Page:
Marc Lasry Is Moving To Paris

[caption id="attachment_100005" align="alignright" width="260"] Slumming it.[/caption] If you haven't heard, Avenue Capital's Marc Lasry will be representing you to our oldest and least-reliable ally. The White House didn't intend for you to hear that for a few weeks yet, and Avenue certainly didn't intend for its clients to hear it. But no convention of courtesy or deference can hold Bill Clinton down.
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Slumming it.

If you haven't heard, Avenue Capital's Marc Lasry will be representing you to our oldest and least-reliable ally. The White House didn't intend for you to hear that for a few weeks yet, and Avenue certainly didn't intend for its clients to hear it. But no convention of courtesy or deference can hold Bill Clinton down.

And so, Avenue's co-founder (and Lasry's sister) gets to hurriedly announce some changes at her hedge fund while awkwardly talking around the reasons for them.

Dear Avenue Capital Investors,

Many of you have asked about the recent speculation in the media regarding Avenue. While we cannot comment on media speculation, I would like to provide you with a general update on the firm.

Since Marc and I founded Avenue almost 18 years ago, the firm has grown into a strong institution with more than 200 talented professionals globally. Having managed the firm for nearly two decades as President and Managing Partner, I could not be more proud of where Avenue is today. The Avenue team includes the best and brightest Portfolio Managers and investment teams, as well as a best-in-class institutional infrastructure extending across accounting, compliance, IT, risk management, business development, and legal departments.

Reflecting the increasingly global nature of the financial markets, we are pleased to announce that Richard Furst has been appointed the firm's Chief Investment Officer. In this position, Rich will provide high-level oversight of our investment strategies on a worldwide basis. As you know, Rich has served as the Senior Portfolio Manager of the Europe Strategy since its inception, and started with Avenue in 2004 as a Portfolio Manager for the U.S. Strategy. Rich will continue to dedicate his time predominantly to the leadership of the Europe Strategy, and, separately, in his role as Avenue's CIO, will spend a portion of his time providing high-level investment oversight globally. The Senior Portfolio Managers and Portfolio Managers leading each of our strategies will continue to be responsible for day-to-day investing and managing their independent investment teams within each of those strategies. None of this will change with Rich's appointment as CIO.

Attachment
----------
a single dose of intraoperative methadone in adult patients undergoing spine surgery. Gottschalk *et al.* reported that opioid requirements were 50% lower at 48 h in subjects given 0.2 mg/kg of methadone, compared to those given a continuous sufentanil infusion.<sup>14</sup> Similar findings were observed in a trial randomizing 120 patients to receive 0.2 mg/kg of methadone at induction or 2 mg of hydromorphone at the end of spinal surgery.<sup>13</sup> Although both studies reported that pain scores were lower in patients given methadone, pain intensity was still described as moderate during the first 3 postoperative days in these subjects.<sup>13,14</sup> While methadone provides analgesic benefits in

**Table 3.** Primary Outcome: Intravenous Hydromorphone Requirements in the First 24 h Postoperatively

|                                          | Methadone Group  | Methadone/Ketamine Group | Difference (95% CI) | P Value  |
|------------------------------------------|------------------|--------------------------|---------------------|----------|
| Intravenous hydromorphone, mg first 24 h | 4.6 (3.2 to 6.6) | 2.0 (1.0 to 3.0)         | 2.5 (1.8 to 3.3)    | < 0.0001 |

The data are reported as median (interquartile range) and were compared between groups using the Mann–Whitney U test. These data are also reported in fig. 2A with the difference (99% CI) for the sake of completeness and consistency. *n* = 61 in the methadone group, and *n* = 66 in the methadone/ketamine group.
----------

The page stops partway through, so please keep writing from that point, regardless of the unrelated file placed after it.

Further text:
Avenue is performing well and is poised to continue to generate strong performance for its investors. As you know, several of our funds generated double-digit returns again in 2012, and importantly, the senior members of the Avenue team are invested meaningfully alongside you. We believe that the firm is extremely well positioned to continue to protect and grow investors' assets.

Avenue's global team remains completely focused on producing attractive, risk-adjusted returns for our investors and continuing to earn your trust and confidence. Please feel free to reach out to me, or any member of the Avenue team, if you have any questions.

Sincerely,

Sonia Gardner
President and Managing Partner

Reuters reads between those lines, and concludes that Lasry's exit won't have any effect at all at Avenue.

In the event Lasry does decamp from his Park Avenue office to the U.S. embassy on Avenue Gabriel in Paris, it appears Avenue Capital investors are unlikely to say bon voyage to the fund.

Officials with two institutional investors in Avenue Capital said that over the years Lasry has increasingly handed over the day-to-day management of the firm to his sister, Sonia Gardner. The brother and sister duo founded the hedge fund that specializes in distressed debt investment in 1995.

A representative for one of the institutional investors referred to Lasry being more like a "chairman" than a hands-on chief executive. The representative for the investor explained the most important thing is that the investing teams managed by 15 senior portfolio managers at Avenue Capital stay together and produce solid returns.

Oh yea, there's also this:

There's another reason investors may not pull money and that's because about 80 percent of Avenue's assets are locked up in private equity-like vehicles with more stringent redemption policies, according to a person familiar with the fund. Just 20 percent of the firm's assets can be withdrawn by investors either quarterly or annually.

Avenue prepares for life post-Lasry [Fortune]
Bill Clinton: Lasry Tapped for Ambassador to France [WSJ Washington Wire blog]
Avenue hedge fund names CIO as Lasry seen getting ambassadorship [Reuters]
If fund manager Lasry gets ambassador nod, investors likely to stay [Reuters]

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